Dr. Judith Orloff
The Empath’s Survival Guide – Life Strategies for Sensitive People
by Nina from MindGourmet
Seemingly Too Thinly Skinned
Have you been called overly sensitive or told you need to get a thicker skin? Do you experience yourself differently depending on who your conversation partner is? Do you quickly become overwhelmed by other people’s emotions? Can you instantly feel when what others say is not in alignment with the energy they radiate? Do you feel easily overwhelmed by too much sensory input? Do you tend to lose your sense of self while interacting with others? If you just said, “Yes, that’s me,” you might be an empath!
Dr. Judith Orloff, a psychiatrist specializing in helping empaths like herself, says: “Though there is a spectrum of sensitivity that exists in human beings, empaths are emotional sponges who absorb both the stress and joy of the world. We feel everything, often to an extreme, and have little guard up between others and ourselves. As a result, we are often overwhelmed by excessive stimulation and are prone to exhaustion and sensory overload.” In her book, The Empath’s Survival Guide, Dr. Orloff shares how to become a balanced, empowered, and happy empath. Which includes learning “ways how to avoid taking on the energy, symptoms, and stress of others.”
Empaths Feel Things First, Then Think
“As an empath … we actually sense other people’s emotions, energy, and physical symptoms in our bodies, without the usual filters that most people have. We can experience other people’s sorrow and also their joy. We are supersensitive to their tone of voice and body movements. We can hear what they don’t say in words but communicate nonverbally and through silence. Empaths feel things first, then think, which is the opposite of how most people function in our overintellectualized society,” says Dr. Orloff.
The Empath’s Advantages and Challenges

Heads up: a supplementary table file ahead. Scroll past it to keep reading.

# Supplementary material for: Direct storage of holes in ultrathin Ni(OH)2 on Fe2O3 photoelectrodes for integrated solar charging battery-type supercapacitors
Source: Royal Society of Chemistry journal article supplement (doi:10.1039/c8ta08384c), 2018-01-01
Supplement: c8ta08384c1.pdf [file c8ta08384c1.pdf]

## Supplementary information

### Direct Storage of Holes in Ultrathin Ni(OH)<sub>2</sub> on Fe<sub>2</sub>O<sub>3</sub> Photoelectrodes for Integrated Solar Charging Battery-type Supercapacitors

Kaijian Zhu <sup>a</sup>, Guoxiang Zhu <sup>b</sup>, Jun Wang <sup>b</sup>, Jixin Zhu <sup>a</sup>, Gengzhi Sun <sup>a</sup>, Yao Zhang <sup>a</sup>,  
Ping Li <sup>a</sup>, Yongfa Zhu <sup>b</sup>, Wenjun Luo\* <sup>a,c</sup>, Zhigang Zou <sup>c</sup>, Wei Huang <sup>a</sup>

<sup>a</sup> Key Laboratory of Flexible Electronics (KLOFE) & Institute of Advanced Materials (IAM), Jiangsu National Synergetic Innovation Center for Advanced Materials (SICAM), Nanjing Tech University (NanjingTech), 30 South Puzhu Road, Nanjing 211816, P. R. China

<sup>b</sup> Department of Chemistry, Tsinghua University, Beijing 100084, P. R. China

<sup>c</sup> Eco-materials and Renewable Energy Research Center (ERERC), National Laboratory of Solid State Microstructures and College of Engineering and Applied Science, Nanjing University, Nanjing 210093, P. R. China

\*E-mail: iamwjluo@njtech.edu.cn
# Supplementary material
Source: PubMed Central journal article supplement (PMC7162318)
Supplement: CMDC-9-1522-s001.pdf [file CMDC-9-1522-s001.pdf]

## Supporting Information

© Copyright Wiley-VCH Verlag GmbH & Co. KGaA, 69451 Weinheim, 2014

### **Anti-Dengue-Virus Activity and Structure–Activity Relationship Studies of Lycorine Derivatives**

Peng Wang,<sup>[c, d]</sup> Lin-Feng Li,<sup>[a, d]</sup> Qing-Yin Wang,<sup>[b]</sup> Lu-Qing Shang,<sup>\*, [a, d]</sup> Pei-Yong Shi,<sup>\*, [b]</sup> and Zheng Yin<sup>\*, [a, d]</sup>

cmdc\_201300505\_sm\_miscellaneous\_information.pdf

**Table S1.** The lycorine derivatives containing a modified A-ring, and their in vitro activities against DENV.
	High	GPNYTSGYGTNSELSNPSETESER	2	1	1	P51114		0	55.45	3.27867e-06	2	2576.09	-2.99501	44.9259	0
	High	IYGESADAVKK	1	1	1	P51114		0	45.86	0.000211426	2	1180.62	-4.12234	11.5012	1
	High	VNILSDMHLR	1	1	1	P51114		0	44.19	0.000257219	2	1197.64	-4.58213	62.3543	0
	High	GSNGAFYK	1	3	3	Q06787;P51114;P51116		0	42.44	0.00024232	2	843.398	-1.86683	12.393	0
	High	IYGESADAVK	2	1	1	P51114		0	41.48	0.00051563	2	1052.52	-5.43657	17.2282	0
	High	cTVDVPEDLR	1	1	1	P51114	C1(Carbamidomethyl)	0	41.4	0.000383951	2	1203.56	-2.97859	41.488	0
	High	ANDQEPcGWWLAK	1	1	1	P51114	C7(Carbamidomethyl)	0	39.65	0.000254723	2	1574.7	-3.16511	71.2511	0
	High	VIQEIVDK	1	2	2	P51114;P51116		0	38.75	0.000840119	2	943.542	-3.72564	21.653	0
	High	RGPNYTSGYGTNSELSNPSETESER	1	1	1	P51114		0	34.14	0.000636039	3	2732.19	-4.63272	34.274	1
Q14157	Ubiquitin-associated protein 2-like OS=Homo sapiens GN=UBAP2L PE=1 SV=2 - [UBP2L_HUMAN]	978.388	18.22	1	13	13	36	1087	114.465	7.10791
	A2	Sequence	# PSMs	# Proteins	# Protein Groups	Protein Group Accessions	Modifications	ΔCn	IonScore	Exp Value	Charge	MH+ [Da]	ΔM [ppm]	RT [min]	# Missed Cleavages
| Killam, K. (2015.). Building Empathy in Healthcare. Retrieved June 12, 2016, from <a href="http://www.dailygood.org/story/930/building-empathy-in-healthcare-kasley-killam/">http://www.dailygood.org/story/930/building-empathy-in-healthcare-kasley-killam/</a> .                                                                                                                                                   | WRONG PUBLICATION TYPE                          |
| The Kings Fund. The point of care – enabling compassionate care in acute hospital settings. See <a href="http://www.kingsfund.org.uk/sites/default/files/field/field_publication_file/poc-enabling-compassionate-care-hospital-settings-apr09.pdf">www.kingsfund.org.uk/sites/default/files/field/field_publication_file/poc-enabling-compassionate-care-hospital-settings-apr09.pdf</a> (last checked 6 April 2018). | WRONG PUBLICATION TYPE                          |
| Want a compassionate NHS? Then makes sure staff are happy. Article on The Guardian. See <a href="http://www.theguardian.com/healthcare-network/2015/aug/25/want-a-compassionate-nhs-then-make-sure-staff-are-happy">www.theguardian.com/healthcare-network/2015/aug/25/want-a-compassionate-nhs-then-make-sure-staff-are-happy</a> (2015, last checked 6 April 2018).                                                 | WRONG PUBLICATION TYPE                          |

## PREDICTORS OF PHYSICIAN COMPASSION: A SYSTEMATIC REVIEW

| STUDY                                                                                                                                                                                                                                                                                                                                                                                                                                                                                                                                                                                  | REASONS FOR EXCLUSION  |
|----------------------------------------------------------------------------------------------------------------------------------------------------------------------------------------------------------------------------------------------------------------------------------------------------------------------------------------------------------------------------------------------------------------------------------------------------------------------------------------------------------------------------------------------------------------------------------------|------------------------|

According to The Empath’s Survival Guide, empaths are “intuitive, feeling the flow of energy in the world, reading people, and experiencing the richness of being so open to life and nature.”
“We empaths have many marvelous traits,” Dr. Orloff continues. “We have huge hearts and the instinct to help others in need or who are less fortunate. We’re dreamers and idealists. We’re also passionate, deep, creative, in touch with our emotions, compassionate, and can see the big picture.”
Being an empath comes with some challenges. These are: Becoming overstimulated, absorbing the stress and negativity of others, feeling things intensely, experiencing emotional and social hangovers, feeling isolated and lonely, experiencing emotional burnout, coping with increased sensitivity to light, smell, taste, touch, temperature, and sound, and difficulty with expressing needs in intimate relationships.
Empaths are “wonderful, sensitive people with a gift, but all of us need tools to cope,” says Dr. Orloff.
Thriving as an Empath And How to Deal with Sensory Overload
In The Empath’s Survival Guide, Dr. Orloff explains how empaths can deal with sensory overload and how to take charge of your sensitivities instead of feeling overwhelmed.
Here are a few factors that, for the empath, can cause feeling the feeling of overload:
“Fatigue, illness, rushing, traffic, crowds, loud environments, toxic people, low blood sugar, arguing, overwork, chemical sensitivities, too much socializing and feeling trapped in overstimulating situations such as parties and cruises.”
These things help to reduce sensory overload:
Slowing down and unplugging from all stimulation, stillness, recalibration through sleep or meditation, solitude, walks in nature, immersing yourself in water, earthing, and shielding.
Tools to Support Empaths
In The Empath Survival Guide, you will find many tools, exercises, affirmations, and helpful viewpoints to support you in your empath nature. They are easy to understand and practical to implement into your daily life. These are a few examples: “Grounding and Earthing Visualization,” “Return to Sender Mantra”, “The Three-Minute Heart Meditation,” “Meditation for Loving Your Empath Body,” and “Cord-Cutting Visualization.”
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